What CNAs need to tell the nurse - page 4

in a postop, i want to hear about: pain level (could indicate compartment syndrome or that dose needs adjusting) c/o nausea/vomiting (could indicate an ileus) bp over 140/80 or under... Read More

  1. by   groverslisa
    If it is anything out of the ordinary! Write it down on a paper towel or just come come get me! Rather sooner than later. CNA's are the eyes for the nurses. They should be praised for that, so that they feel like they can come to the nurse even if it turns out to be nothing.
  2. by   texas_lvn
    Quote from Angie O'Plasty, RN
    Your post shocked me with its angry attitude. I would not want to work with you because apparently you've lost sight of the reason that you're taking the vitals in the first place--to identify patients who need intervention.

    This is not an intrusion into your schedule--this is your job.

    Had you read the whole thread, one previous poster asked "What more can I do?" and that was my answer.

    PS

    Don't try to "find" me if a patient has chest pain and you can't reach me on my pager. The stupid thing doesn't work right half the time anyway and the battery's probably dead from phone calls from family, pharmacy, lab, doctors, and the desk. It's a wonder I get any assessments done at all, but then again, why I get paid "the big bucks."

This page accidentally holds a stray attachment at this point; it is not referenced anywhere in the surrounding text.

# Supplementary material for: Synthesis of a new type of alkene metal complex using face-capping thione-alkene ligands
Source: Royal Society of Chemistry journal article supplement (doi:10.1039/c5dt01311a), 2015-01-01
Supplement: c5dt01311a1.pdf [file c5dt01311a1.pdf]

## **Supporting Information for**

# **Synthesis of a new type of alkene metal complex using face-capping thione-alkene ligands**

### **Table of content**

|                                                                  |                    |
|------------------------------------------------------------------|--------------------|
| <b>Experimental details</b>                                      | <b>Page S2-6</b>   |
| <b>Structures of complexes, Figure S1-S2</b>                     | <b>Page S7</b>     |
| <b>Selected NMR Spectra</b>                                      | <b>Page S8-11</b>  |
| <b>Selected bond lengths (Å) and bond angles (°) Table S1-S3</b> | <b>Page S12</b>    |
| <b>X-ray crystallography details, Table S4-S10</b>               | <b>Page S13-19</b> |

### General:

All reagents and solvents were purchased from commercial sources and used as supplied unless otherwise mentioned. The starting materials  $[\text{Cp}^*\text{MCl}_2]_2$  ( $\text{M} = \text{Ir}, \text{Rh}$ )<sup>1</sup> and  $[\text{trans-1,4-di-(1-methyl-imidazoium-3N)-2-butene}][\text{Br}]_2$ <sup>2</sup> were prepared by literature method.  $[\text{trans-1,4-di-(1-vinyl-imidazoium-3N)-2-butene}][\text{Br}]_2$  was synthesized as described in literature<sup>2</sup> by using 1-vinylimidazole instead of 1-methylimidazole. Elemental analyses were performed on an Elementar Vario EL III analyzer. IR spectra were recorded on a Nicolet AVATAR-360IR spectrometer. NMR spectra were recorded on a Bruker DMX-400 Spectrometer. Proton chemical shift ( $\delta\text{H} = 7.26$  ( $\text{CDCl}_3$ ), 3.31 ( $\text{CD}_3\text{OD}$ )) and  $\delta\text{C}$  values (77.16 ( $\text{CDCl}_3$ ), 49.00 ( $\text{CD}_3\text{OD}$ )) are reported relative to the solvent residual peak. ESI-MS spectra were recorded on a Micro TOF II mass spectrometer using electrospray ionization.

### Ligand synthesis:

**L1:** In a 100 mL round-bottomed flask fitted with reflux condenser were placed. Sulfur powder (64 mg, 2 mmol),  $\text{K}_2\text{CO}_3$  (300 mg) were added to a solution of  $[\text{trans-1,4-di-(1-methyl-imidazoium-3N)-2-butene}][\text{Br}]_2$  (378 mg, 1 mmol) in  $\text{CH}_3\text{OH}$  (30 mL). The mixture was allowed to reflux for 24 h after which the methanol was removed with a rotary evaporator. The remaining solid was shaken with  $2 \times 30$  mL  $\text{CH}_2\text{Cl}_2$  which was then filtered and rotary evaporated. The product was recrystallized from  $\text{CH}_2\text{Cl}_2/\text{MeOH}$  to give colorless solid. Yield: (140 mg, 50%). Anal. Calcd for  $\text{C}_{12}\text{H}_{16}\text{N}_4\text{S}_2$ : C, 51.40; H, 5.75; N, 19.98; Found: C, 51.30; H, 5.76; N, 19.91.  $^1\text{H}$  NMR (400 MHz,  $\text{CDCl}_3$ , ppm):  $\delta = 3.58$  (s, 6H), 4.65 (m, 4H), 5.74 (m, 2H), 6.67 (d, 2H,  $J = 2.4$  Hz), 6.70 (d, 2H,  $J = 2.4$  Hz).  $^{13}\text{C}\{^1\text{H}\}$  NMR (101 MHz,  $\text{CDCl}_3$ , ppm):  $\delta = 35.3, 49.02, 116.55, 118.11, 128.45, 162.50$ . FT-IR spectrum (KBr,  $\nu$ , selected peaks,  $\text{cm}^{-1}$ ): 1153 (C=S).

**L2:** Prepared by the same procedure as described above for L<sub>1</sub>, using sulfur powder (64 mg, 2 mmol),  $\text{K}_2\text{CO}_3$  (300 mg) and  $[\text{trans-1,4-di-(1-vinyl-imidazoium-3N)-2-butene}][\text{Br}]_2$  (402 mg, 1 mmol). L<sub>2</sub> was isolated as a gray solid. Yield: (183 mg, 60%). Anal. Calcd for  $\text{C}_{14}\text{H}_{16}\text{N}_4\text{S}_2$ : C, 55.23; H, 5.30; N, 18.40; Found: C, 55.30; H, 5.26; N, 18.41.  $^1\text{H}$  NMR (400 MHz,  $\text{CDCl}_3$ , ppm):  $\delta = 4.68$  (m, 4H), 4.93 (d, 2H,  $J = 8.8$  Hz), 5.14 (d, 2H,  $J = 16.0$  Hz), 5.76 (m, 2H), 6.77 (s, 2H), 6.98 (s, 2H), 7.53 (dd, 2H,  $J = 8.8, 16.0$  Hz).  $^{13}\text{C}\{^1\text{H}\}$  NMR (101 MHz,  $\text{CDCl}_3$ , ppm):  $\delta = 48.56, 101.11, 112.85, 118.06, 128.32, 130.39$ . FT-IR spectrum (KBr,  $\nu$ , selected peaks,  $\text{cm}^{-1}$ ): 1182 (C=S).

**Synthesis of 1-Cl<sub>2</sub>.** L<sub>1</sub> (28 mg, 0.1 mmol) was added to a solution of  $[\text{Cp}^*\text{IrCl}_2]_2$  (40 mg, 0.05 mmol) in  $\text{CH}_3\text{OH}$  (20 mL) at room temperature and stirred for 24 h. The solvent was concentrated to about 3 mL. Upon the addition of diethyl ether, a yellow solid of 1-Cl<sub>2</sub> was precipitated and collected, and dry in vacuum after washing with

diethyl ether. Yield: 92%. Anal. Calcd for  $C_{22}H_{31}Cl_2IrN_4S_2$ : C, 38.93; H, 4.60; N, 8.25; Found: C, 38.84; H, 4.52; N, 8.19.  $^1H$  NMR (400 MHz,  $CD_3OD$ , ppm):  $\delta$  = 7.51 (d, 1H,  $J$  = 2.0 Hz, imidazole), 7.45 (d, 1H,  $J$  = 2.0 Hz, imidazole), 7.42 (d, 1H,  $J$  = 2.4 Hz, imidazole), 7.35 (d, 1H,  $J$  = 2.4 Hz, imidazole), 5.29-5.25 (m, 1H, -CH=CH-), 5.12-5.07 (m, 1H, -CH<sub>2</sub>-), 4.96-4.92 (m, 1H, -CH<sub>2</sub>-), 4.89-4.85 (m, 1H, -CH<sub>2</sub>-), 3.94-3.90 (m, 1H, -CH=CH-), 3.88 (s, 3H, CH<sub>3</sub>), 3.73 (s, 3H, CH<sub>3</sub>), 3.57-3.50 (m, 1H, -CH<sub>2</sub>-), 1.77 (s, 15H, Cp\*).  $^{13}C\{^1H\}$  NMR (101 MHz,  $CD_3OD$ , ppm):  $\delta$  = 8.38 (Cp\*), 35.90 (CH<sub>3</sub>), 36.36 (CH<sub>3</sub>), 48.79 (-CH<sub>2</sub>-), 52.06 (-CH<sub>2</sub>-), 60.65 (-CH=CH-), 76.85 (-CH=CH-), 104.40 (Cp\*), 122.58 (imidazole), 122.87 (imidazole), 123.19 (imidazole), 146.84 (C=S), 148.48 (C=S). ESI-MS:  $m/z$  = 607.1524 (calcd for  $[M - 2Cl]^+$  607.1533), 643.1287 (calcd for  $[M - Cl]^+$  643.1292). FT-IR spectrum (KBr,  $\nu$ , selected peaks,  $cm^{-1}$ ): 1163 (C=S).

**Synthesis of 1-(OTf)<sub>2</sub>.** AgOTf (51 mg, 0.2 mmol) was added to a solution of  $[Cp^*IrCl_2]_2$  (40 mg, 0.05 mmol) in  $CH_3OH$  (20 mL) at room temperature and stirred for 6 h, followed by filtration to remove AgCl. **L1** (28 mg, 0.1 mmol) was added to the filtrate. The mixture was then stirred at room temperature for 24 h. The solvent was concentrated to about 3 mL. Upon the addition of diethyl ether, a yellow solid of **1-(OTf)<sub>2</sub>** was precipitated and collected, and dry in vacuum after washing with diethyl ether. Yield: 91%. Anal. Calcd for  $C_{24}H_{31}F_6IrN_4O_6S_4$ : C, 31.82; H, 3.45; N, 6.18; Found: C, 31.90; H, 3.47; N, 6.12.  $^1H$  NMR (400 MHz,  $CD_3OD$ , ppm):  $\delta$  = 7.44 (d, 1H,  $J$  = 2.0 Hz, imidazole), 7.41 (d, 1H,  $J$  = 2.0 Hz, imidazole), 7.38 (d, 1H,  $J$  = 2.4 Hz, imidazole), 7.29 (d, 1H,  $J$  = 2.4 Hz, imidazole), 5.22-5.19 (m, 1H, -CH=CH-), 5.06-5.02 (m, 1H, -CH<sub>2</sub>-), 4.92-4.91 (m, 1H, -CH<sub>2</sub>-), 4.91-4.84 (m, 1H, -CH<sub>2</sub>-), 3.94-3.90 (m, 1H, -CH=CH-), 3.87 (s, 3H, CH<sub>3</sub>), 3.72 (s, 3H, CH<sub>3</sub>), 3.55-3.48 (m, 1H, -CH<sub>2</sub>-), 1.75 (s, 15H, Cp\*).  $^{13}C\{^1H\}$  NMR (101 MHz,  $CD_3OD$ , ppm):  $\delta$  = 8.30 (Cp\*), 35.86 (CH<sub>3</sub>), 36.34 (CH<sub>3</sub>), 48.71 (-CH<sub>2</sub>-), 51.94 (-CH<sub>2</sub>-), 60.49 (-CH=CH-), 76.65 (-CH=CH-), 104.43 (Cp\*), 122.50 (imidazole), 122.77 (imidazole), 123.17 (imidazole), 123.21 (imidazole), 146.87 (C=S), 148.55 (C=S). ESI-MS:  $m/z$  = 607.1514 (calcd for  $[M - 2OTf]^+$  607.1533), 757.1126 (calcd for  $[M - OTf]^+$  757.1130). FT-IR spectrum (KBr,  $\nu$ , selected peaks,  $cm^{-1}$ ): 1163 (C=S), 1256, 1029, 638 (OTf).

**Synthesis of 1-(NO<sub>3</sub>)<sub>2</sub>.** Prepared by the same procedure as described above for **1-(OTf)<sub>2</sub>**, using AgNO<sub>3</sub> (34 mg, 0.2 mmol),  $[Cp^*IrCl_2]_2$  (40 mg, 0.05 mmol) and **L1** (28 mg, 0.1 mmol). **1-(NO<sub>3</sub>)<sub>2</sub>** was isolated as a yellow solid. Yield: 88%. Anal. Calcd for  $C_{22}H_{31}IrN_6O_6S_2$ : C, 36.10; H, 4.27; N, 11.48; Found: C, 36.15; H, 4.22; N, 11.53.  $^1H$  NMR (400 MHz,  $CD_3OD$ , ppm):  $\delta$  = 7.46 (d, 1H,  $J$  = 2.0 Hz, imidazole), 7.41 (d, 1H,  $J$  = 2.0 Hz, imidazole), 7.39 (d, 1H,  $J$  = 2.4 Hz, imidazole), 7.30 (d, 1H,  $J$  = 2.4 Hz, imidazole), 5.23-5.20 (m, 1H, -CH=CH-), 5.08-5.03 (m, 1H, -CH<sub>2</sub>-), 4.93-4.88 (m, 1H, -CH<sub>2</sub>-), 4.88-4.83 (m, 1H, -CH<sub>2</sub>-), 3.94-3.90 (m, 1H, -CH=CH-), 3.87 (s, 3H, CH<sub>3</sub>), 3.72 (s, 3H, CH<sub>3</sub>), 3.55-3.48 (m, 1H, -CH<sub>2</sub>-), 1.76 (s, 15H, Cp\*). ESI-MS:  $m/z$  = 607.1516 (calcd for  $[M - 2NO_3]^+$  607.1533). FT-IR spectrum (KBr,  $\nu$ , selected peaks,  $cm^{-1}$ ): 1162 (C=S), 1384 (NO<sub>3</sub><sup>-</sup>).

(Not sure whether to laugh or cry at that last quote. ) Regardless, back to the chest pain patient:

    Turn on the bathroom light, hit the Code button, yell down the hall, I don't care how you do it, but alert me STAT because after a patient has c/o chest pain, we all have exactly one hour to get all the aforementioned stuff done--or you could lose your job, I could lose my license, and the hospital could lose accreditation.

    Not to mention that the poor patient could lose heart tissue and potentially his/her life.
    Angie, I would not worry about this poster. If you read some of their other posts, you would see it appears they are just hostile about their situation. She even started a thread that appears hostile to begin with.
  3. by   MT RN
    Quote from kurosawa
    Yeah. So you collect the big bucks for assessment, care planning, and delegation--and you expect the CNA to do it for you.

    Get a grip.

    You know why you don't get abnormal data ASAP in the middle of the CNA taking vitals?

    Because it takes 15 minutes to find you which she can't afford even when she's only vitaling half the floor, let alone the whole floor by herself, and you're not helping by not carrying your pager.

    Because every other RN on the floor is hollering for (1) their vitals and (2) come here NOW and help me/do this/do that.

    Because she's WAY overloaded before anyone starts hollering: if you took total care of your pts, you'd find yourself spending half your night on changing, cleaning, and bathing, yet with 5 RNs for 1 aide, you expect all that done "and where are my vitals and I's and O's?"